Some scholars present the opinion that the economic situation in Kerala is a result of several factors working in tandem with the exclusion of education. For instance, The Human Development Report for Kerala for the year 2005 presents evidence of factors that significantly affect the economic development of the state with the exclusion of education. One of the factors that the report highlights is the issue of culture. Centre for Developmental Studies Thiruvananthapuram (p.7, 2006) reveals that culture is one of the factors that hinder the success of education in furthering economic progress. Hinduism and Islam form the first and second most prominent religions in Kerala and India as a whole. Although a significant number of people in the overall population practice Christianity, its impact does not compare to that of Hinduism and Islam with relation to negation of some of the benefits of the education system. Hinduism and Islam both have specific gender roles that dictate a large majority of the cultural practices in the Kerala area. However, most gender roles often benefit the male population more than the female population regardless of the view that females form the vast majority of the population in the region and the entire country.

The religions promulgate a culture that requires women to be subservient to men. The disadvantages that come with the practice of such culture include denial of property right for women coupled with more responsibilities for women than there are for men in most households and suppression of independence that comes from the emancipation of women through education. Therefore, even though the education system and government policies support equal opportunities for all genders in the economic and social arenas, women fail to exploit their full potential, which results in a lag in economic progression. Such culture is also difficult to alter or eradicate because it forms an integral part of the society’s identity. Therefore, blaming the state’s economic lag on the education system or terming the system as a failure amounts to an error in judgment.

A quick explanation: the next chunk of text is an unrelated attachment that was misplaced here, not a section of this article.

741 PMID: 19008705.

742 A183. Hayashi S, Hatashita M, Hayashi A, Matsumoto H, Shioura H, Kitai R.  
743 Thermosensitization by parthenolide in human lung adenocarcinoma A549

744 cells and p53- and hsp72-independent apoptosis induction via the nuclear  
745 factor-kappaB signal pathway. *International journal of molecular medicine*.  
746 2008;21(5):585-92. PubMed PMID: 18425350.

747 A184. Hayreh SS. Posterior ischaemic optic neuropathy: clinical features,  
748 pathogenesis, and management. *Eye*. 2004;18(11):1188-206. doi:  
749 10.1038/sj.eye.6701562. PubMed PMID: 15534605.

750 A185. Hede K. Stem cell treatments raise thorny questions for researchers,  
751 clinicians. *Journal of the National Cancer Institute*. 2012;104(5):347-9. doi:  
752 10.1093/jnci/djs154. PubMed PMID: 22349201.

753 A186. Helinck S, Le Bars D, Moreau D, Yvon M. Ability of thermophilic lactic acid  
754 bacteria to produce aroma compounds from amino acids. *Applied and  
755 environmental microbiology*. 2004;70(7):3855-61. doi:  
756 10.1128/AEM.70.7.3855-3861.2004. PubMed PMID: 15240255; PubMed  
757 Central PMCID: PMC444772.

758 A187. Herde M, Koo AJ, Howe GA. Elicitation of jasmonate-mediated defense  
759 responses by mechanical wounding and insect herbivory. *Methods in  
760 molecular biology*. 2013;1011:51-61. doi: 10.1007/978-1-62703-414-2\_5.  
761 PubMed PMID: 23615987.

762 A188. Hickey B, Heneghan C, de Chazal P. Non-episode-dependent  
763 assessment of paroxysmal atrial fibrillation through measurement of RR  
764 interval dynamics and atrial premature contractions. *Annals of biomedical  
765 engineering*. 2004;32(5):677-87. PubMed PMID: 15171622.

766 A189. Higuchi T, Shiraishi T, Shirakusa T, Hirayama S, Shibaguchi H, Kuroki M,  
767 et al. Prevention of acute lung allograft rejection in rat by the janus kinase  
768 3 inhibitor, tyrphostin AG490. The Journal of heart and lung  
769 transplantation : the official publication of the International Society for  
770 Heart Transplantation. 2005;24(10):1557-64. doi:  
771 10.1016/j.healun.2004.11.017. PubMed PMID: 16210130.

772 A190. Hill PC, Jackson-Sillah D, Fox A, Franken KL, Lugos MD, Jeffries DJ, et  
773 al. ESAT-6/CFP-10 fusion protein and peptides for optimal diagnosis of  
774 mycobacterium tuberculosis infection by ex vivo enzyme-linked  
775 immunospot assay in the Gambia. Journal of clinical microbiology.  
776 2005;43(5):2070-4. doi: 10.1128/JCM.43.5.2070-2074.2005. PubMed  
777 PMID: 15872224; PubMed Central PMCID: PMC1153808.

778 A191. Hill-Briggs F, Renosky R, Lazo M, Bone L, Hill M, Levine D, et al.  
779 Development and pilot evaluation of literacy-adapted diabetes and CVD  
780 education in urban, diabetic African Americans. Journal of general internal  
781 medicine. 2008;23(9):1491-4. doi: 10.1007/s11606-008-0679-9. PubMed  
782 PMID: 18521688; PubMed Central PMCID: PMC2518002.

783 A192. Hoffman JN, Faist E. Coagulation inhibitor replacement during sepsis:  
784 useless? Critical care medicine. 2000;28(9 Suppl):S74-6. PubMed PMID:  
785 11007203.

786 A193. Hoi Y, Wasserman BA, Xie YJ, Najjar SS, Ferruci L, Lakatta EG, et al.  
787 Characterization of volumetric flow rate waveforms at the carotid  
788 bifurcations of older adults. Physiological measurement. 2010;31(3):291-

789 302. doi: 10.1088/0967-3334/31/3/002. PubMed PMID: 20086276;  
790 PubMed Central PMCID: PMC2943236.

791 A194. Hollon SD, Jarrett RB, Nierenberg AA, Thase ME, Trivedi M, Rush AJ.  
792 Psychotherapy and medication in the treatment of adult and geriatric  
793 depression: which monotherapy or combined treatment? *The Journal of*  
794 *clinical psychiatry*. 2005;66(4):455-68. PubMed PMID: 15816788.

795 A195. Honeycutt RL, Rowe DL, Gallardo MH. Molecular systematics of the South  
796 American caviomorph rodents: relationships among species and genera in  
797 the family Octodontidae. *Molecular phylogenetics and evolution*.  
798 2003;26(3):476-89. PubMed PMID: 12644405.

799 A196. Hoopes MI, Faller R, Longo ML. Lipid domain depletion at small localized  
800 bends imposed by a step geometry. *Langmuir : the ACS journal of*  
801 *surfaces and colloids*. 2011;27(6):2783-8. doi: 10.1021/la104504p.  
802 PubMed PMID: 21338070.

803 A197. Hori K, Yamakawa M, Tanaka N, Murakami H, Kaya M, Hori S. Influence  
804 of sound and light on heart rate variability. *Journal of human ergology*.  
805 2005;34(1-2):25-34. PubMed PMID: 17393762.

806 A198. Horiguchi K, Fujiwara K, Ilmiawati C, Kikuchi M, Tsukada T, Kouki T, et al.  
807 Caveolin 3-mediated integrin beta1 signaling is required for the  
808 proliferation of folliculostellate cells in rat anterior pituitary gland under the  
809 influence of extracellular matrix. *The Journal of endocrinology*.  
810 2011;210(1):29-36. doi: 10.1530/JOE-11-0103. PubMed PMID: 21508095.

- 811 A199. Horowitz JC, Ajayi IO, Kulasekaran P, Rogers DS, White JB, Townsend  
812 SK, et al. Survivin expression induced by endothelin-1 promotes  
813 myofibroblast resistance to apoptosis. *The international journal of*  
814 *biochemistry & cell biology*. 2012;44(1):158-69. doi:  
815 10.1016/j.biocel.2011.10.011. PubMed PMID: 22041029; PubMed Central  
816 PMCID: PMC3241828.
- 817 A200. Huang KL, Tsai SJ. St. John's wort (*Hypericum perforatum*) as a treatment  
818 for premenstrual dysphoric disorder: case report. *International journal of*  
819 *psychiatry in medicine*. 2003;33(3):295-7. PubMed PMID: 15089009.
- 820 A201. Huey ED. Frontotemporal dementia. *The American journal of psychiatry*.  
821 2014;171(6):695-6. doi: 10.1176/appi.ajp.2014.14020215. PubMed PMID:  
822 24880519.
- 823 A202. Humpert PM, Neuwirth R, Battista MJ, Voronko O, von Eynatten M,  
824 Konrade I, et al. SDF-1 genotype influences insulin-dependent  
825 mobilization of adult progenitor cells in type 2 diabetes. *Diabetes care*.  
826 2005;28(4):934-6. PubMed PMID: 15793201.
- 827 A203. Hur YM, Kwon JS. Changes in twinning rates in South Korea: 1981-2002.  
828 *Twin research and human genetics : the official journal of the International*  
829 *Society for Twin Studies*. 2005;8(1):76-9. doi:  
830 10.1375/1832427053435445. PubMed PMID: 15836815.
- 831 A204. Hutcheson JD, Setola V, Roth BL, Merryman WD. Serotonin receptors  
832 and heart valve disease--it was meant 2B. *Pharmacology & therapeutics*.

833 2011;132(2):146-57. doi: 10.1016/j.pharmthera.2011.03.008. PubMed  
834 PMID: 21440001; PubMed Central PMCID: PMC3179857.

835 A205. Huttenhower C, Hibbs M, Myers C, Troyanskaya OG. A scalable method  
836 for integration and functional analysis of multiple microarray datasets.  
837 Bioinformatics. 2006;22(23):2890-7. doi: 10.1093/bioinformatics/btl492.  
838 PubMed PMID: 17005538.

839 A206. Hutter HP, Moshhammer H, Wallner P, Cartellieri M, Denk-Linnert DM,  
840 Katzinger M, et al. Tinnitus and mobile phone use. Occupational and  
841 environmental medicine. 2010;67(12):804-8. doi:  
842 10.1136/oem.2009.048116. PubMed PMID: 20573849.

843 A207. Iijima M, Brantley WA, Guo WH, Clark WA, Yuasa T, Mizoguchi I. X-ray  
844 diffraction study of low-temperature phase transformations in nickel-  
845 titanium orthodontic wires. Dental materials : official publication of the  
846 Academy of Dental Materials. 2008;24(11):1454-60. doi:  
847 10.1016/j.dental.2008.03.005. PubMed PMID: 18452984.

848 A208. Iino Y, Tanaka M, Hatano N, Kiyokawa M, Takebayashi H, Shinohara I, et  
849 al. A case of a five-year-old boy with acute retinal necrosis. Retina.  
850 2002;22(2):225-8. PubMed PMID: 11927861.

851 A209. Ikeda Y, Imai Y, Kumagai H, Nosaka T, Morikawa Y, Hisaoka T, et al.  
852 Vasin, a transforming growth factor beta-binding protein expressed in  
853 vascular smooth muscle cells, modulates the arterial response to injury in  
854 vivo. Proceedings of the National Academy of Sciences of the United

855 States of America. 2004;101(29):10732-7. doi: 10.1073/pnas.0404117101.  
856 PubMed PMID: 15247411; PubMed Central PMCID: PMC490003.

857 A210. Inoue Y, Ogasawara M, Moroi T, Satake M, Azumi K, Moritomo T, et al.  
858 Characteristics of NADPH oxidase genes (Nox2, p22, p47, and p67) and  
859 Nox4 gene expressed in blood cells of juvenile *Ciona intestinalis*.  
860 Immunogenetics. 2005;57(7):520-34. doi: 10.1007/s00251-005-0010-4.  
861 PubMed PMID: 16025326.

The education system in Kerala is not a complete failure as it presents certain benefits to the society that serve to pave the way for economic progress. Even though the pace of such progress is slow, the system is utterly necessary. Additionally, other factors sometimes work against some of the benefits that the system offers to the population. It would thus be erroneous to evaluate the success of the education system in relation to economic and social development without considering other factors that come into play.


Centre for Developmental Studies Thiruvananthapuram 2006, Human Development Report 2005, Government of Kerala, Kerala.

Simister, J 2011, ‘Assessing the ‘Kerala Model’: Education is necessary but not sufficient’, Journal of South Asian Development, vol. 6 no.1, pp. 1-24.

Szirmai, A 2013, The Dynamics of Socio-Economic Development: An Introduction, Cambridge University Press, Cambridge.

Tharamangalam, J 1998, ‘The perils of social development without economic growth: the development debacle of Kerala, India’, Bulletin of Concerned Asian Scholars, vol.30 no. 1, pp. 23-34.